The final part of the museum had a computer interactive game where you could take a picture of yourself and drag life sized crowns and necklaces unto your head and neckline. I used the Tiara from the Imperial Treasury of Russia and the Queen of Holland necklace. Ed wanted to join in too so he chose the crown of Louis XV of France, the Golden laurel wreath of Napoleon I of France, and a Coster Collection diamond necklace. At the end we were able to email ourselves the finished photographs, so it made for a cool memento.
It was almost 5pm so we didn't have much time until the Van Gogh museum closed its doors at 6. We entered anyway, speeding through the rows and rows of paintings with their increasingly interesting explanations. It was like traveling through Van Gogh's troubled but talented life. The closure of the museum was announced at the precise moment I set eyes on a Van Gogh painting I had never seen, yet instantly fell in love with. It depicted the blossoming branches of an almond tree against a turquoise sky. Van Gogh painted it for Theo, his brother, and his newborn son, as a symbol of new life.
The sun was now hanging low, giving Amsterdam a warm fuzzy glow. We thought the temperature and the lighting would be perfect for a canal tour, so we hopped on the first tour boat we saw. Ed and I got the privileged back seats, on the very back of the barge. The tour took us to see the neighborhoods of Amsterdam. People everywhere were hanging out, having drinks in little tables under the sun, giggling and music, old bicycles leaned on the railings of the canals, and some sat dangling their bare feet over the edge, chatting and drinking out of beer cans.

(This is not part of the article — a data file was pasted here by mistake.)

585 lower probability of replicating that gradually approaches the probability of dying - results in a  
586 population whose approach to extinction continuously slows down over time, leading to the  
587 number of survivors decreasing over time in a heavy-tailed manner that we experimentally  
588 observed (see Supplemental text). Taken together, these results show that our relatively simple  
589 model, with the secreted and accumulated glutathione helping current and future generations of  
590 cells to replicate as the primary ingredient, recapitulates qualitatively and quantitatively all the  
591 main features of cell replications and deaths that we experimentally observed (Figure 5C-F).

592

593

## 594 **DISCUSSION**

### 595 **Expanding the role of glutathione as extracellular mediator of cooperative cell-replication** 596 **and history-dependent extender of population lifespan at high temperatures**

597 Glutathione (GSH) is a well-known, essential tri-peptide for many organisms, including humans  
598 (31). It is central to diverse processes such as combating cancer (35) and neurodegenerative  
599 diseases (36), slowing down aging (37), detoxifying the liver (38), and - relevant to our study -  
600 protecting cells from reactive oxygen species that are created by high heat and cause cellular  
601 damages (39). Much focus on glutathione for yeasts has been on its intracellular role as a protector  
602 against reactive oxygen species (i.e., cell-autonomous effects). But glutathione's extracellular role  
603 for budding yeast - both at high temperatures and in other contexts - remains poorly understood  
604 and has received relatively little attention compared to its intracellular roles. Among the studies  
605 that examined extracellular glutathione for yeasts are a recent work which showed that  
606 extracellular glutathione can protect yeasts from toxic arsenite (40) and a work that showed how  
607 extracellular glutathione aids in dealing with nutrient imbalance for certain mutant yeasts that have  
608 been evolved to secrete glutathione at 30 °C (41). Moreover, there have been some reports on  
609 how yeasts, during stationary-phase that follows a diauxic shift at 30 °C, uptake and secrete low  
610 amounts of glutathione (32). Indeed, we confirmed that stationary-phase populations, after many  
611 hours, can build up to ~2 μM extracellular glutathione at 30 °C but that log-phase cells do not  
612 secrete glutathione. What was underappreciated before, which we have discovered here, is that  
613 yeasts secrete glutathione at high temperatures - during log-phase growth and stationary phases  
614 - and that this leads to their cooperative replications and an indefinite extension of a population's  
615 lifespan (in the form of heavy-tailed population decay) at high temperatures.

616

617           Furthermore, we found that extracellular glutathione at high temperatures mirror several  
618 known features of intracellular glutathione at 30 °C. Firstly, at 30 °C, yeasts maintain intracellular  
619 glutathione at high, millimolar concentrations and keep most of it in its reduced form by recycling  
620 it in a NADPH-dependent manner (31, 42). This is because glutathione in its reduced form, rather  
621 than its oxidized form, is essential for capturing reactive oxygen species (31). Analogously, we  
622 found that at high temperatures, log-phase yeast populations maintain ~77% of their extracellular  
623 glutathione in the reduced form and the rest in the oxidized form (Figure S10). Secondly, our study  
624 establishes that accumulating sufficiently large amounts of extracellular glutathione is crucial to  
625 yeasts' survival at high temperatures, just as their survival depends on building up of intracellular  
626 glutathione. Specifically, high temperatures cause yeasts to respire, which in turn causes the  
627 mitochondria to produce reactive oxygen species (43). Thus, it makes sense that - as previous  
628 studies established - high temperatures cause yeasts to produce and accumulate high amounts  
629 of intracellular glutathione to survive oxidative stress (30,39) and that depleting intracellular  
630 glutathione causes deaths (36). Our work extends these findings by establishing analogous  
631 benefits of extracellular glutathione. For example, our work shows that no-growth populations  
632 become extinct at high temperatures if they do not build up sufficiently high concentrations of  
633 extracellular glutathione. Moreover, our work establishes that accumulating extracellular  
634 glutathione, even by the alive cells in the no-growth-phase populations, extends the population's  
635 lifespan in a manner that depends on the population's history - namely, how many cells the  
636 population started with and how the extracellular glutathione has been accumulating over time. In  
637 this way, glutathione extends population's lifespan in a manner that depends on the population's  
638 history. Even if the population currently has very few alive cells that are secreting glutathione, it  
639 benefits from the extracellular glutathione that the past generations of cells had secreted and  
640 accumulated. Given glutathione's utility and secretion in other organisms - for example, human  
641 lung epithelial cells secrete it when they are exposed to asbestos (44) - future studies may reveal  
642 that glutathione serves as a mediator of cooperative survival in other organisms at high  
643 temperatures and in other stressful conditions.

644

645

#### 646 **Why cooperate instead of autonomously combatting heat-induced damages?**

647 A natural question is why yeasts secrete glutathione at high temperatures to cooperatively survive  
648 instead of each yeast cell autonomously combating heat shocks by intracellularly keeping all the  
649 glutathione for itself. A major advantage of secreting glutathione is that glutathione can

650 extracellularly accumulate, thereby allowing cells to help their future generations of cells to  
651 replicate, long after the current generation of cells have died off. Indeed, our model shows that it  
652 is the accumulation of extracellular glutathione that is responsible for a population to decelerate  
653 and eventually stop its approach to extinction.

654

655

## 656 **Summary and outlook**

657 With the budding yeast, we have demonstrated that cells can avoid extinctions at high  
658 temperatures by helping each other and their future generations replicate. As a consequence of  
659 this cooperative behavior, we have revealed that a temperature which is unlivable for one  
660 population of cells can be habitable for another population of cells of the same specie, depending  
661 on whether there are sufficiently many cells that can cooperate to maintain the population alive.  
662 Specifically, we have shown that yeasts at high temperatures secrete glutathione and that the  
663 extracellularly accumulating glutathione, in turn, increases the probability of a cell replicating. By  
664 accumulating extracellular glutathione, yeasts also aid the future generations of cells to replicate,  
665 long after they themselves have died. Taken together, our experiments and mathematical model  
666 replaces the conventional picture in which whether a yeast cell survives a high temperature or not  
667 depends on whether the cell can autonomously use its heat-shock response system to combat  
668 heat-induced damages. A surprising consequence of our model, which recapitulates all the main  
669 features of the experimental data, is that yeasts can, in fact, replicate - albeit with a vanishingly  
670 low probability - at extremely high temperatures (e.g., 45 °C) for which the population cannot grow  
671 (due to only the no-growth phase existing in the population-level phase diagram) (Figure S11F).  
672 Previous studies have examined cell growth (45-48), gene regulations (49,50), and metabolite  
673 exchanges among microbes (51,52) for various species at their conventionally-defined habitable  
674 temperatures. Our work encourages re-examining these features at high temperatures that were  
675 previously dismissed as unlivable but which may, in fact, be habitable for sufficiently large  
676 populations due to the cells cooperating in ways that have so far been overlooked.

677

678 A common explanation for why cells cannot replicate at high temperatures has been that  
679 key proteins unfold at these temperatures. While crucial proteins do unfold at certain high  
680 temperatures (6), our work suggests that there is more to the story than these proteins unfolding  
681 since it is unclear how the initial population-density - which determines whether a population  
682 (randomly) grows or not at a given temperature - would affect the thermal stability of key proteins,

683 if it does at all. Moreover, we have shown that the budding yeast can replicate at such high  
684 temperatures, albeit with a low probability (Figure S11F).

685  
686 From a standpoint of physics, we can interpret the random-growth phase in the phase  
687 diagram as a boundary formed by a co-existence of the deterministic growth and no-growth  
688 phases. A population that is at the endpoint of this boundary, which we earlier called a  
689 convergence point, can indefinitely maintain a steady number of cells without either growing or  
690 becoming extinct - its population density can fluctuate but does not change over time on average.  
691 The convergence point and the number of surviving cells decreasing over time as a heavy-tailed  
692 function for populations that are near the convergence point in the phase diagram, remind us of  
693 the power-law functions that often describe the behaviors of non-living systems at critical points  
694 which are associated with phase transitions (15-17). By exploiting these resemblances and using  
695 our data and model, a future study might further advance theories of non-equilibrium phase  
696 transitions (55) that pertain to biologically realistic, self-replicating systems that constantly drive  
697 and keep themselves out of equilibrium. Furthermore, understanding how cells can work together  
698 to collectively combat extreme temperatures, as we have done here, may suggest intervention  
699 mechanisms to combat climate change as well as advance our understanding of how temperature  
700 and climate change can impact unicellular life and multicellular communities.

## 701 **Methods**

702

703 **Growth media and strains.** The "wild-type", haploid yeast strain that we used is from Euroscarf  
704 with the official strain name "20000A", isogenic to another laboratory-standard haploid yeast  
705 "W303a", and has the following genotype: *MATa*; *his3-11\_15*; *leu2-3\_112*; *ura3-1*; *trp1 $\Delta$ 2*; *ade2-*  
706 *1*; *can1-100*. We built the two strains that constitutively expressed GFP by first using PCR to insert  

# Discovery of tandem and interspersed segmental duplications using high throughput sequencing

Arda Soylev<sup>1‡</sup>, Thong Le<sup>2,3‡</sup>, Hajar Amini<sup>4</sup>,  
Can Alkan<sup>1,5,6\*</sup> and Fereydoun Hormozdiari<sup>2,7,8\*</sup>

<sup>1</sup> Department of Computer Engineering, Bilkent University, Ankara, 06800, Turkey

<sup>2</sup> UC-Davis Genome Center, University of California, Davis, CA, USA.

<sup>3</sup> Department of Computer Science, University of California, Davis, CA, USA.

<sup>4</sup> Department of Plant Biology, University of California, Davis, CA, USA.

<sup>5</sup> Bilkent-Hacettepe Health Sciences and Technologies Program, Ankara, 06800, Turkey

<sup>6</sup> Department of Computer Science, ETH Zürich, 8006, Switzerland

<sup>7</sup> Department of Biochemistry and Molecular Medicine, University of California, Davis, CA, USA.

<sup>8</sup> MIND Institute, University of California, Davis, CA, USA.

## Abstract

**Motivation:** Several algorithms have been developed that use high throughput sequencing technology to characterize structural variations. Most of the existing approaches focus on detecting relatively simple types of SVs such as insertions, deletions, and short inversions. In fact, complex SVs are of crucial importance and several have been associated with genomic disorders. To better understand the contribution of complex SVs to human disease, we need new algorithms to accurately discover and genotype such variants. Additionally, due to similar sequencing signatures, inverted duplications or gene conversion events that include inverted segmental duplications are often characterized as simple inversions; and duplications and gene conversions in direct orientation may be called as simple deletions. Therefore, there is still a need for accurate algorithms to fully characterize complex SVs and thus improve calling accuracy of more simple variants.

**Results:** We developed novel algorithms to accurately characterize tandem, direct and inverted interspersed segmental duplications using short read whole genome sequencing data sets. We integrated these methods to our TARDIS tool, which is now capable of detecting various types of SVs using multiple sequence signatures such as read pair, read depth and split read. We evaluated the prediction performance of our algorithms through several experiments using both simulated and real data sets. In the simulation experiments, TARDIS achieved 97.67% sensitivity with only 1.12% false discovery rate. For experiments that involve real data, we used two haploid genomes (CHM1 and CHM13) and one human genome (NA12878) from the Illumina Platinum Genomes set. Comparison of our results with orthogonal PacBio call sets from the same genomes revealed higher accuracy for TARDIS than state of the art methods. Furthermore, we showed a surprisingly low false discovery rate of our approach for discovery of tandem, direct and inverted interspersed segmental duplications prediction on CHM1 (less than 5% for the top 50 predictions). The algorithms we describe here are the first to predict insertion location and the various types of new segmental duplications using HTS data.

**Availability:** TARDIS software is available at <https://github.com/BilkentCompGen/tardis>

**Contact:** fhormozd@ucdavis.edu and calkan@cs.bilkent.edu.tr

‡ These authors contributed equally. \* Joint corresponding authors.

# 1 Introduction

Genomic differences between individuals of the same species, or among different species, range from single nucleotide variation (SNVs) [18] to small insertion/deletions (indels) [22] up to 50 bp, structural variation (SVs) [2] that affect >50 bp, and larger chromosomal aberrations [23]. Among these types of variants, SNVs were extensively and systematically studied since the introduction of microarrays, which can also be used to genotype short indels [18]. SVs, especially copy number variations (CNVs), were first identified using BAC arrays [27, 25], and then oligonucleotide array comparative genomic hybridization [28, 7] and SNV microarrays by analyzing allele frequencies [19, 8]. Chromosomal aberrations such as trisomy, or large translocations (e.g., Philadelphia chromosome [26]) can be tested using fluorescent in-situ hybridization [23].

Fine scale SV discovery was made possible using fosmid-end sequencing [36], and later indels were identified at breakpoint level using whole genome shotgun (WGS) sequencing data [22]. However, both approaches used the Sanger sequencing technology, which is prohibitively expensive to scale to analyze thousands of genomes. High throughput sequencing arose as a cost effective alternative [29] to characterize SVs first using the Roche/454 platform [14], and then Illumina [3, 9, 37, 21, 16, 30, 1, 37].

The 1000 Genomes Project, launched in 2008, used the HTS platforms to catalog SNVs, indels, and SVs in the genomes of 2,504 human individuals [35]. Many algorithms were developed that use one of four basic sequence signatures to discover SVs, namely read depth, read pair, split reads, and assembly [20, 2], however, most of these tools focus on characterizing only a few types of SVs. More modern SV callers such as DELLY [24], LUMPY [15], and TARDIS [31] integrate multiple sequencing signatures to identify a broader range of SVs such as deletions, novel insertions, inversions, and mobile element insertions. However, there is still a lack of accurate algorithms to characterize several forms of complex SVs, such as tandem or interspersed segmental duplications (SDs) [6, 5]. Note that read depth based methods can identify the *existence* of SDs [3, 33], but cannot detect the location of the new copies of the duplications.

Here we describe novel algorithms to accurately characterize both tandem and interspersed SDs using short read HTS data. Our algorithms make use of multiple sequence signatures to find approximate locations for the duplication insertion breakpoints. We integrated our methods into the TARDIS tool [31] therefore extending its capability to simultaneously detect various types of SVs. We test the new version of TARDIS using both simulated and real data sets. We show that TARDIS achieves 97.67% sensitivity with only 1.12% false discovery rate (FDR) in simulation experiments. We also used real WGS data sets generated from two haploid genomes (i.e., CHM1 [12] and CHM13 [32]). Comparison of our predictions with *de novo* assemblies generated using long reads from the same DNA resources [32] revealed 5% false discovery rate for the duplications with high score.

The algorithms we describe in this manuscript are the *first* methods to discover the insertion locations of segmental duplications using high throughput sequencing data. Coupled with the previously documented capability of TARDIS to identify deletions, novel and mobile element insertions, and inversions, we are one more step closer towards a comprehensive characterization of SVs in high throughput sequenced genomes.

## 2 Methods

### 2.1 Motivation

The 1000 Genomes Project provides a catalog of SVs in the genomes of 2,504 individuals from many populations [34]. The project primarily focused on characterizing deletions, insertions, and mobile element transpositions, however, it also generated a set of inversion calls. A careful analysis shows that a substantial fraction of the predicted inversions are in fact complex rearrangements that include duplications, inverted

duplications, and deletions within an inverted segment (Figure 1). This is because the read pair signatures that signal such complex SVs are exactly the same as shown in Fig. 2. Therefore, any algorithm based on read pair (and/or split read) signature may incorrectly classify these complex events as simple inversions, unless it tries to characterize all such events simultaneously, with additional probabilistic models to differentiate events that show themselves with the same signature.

The atmosphere was invincible. I was savoring it together with the fresh wind in my face and the afternoon glow on my lids. The buildings that characterize Amsterdam spread organically along the canals. They were the old residences of the wealthy Dutch merchants, lawyers, and politicians, with their large decorated windows and frames. And what sets apart Dutch architecture from all other are the infamous gable tops which escalate above the building, in different styles from classical to Gothic to Baroque. As far as the eye can see the gable tops stand above Amsterdam as a reminder of the opulence and wealth in previous centuries.
Soon the canal led us to open sea, or at least it looked like it. The sky had turned a silver tangerine and far away, the domes and steeples of Amsterdam's larger buildings were like huge hazy ghosts reigning over the skyline. It was a perfect ending to the hour-long canal ride, with the final moments of sunset over the water.
After an entire day, there was still something about Amsterdam. Not that we were desperately eager to find out what it was yet, because we still had an entire day (and two nights) to figure it out.